Diamonds form 75-120 miles below the earth’s surface where the high temperature and high pressure melt rock and forces the carbon atoms to form into new rock crystals. Conditions necessary to form diamonds are tenuous because if the temperature rises or the pressure drops then the diamond crystals may melt or even dissolve.
Even when diamonds crystals form, they are still located far below the earth’s surfaces. It takes a violent volcanic eruption, called kimberlites that propel the diamonds up through the earth’s crust before they have a chance to be crushed and pulverized on any other path to the surface. Diamonds are extremely hard which means they are highly resistant to scratching but they can break when hit at the right angles with force as rocks shift in movements over time in the earth’s crust.
Geologists estimate that diamonds arrived at the surface via kimberlites from 45 million to 2.5 billion years ago. Many of the diamonds are still locked up in the softer kimberlite (sometimes called blue ground) and lamproite rock in the carrot-shaped pipes. Because these types of rock are softer than the surrounding rocks, the forces of nature over millions of years eroded away some of the material leaving the harder diamond crystals to settle in river beds and eventually wash out to sea. Diamonds moved and deposited due to erosion are called Alluvial Deposits.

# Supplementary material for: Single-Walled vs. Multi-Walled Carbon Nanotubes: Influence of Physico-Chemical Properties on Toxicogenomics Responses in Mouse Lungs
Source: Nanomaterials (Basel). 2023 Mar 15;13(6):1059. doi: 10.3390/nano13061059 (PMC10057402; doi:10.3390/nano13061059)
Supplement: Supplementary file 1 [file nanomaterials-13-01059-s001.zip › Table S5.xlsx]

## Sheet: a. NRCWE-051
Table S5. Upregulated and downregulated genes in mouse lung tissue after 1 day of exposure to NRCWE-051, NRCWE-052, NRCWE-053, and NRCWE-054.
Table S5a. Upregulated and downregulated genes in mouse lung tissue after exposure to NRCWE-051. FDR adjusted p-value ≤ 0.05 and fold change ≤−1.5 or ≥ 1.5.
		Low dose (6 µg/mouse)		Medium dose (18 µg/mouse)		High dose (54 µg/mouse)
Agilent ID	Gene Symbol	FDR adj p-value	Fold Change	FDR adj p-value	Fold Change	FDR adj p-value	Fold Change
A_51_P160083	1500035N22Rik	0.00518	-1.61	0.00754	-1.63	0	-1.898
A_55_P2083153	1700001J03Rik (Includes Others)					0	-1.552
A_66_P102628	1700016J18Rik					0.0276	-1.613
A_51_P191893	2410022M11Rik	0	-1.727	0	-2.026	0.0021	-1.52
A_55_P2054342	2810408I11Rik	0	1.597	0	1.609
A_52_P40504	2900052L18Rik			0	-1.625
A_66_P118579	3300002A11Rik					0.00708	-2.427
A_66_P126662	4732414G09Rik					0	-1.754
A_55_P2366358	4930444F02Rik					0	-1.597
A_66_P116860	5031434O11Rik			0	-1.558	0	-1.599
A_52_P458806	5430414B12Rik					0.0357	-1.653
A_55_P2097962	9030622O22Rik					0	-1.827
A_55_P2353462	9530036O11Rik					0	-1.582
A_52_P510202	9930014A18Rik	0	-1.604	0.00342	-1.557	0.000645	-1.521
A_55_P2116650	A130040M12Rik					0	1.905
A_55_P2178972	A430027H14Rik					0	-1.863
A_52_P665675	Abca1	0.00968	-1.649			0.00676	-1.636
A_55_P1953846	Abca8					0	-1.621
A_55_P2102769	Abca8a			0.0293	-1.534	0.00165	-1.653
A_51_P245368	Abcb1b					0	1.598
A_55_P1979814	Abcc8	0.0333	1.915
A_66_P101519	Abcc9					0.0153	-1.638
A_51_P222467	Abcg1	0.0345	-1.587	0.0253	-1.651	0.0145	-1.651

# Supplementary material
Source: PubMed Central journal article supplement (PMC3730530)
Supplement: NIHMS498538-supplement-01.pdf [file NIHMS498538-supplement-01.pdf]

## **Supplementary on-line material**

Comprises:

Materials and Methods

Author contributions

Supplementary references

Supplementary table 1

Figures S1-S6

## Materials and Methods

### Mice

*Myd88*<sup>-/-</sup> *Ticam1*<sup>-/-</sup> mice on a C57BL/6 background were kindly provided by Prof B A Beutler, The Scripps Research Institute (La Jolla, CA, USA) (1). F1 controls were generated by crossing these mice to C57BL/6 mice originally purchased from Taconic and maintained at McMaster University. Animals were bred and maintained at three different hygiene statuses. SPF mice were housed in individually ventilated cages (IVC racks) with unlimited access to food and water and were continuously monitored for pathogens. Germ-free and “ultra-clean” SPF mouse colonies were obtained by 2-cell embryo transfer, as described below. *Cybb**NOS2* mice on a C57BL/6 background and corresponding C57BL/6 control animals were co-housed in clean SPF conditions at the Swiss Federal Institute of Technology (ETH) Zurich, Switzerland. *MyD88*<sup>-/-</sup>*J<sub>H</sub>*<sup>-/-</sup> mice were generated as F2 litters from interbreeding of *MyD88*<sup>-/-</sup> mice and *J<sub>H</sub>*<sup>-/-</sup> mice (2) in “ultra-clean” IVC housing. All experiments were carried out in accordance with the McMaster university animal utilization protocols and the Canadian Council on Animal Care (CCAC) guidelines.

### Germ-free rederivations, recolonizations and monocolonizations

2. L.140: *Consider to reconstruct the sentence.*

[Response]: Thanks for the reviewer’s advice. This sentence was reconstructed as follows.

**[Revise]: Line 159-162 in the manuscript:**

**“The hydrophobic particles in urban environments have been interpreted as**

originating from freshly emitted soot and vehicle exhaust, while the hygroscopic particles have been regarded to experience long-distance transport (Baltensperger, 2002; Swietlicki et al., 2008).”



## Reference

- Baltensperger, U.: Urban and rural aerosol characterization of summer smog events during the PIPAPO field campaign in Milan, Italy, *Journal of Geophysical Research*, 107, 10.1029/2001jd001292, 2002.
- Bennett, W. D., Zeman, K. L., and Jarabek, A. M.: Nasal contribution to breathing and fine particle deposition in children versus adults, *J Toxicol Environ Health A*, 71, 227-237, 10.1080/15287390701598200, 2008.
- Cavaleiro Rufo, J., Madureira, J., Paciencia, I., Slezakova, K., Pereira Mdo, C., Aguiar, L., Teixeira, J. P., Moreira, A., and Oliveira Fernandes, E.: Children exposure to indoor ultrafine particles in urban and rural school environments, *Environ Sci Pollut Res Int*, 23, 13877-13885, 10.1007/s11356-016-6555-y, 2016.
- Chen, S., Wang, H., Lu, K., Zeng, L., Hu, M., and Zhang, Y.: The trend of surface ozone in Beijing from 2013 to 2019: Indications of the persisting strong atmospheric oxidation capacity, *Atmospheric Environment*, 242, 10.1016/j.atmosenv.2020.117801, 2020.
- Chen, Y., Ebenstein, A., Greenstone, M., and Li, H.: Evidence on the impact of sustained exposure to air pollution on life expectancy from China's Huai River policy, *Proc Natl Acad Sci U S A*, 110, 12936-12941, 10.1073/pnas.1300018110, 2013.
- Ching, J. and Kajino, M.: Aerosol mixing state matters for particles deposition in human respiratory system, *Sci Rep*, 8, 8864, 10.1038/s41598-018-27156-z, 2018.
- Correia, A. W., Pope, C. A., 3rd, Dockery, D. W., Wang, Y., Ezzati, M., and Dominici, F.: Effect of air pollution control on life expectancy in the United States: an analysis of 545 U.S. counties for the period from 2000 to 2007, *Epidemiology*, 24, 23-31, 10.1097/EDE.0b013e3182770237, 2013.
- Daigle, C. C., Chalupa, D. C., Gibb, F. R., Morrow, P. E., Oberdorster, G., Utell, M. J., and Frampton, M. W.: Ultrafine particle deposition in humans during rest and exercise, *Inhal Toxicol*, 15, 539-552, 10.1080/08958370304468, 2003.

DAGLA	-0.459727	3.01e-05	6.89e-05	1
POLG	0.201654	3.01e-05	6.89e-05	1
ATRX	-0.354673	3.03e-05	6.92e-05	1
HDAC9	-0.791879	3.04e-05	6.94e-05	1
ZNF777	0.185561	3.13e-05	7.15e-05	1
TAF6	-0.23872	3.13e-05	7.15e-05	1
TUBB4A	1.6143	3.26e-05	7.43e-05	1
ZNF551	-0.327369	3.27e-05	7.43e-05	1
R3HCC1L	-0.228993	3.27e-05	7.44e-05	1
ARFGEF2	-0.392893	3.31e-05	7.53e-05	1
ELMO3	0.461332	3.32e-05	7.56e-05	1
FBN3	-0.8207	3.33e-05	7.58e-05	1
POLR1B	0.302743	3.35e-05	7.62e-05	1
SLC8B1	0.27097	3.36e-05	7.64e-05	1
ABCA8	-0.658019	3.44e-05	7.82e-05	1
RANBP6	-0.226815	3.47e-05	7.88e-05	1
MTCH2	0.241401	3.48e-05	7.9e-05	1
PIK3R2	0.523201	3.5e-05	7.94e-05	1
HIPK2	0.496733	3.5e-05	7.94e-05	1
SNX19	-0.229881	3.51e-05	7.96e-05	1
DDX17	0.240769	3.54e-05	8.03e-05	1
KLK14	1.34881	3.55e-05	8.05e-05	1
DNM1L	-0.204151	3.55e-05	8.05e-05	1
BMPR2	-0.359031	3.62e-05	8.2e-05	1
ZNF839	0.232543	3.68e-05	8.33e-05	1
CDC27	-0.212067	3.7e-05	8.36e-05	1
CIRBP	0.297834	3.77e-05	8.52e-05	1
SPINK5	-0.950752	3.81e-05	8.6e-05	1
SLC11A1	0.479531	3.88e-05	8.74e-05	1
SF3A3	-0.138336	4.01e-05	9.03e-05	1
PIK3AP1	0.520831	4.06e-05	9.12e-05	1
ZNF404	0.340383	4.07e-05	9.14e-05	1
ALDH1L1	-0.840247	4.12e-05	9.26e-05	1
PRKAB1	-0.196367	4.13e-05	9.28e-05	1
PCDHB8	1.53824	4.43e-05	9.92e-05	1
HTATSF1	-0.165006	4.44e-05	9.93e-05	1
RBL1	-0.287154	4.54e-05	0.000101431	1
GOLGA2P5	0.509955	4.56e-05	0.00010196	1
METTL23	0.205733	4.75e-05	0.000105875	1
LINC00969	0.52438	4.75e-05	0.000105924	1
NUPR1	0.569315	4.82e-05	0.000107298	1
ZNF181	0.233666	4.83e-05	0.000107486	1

A young researcher is exploring the process involving diamonds deep underground. The results of his research are being presented as part of the Fresh Science national competition. The diamond industry, in particular the Australian diamond industry, hopes that a better understanding of the force that move diamonds to the surface will point to other areas with diamond deposits.
The Australian diamond industry is in decline because the known deposits and existing mine production are both decreasing. Australia has vast expanses of land where diamonds might be found if better tools can be developed to identify potential sites.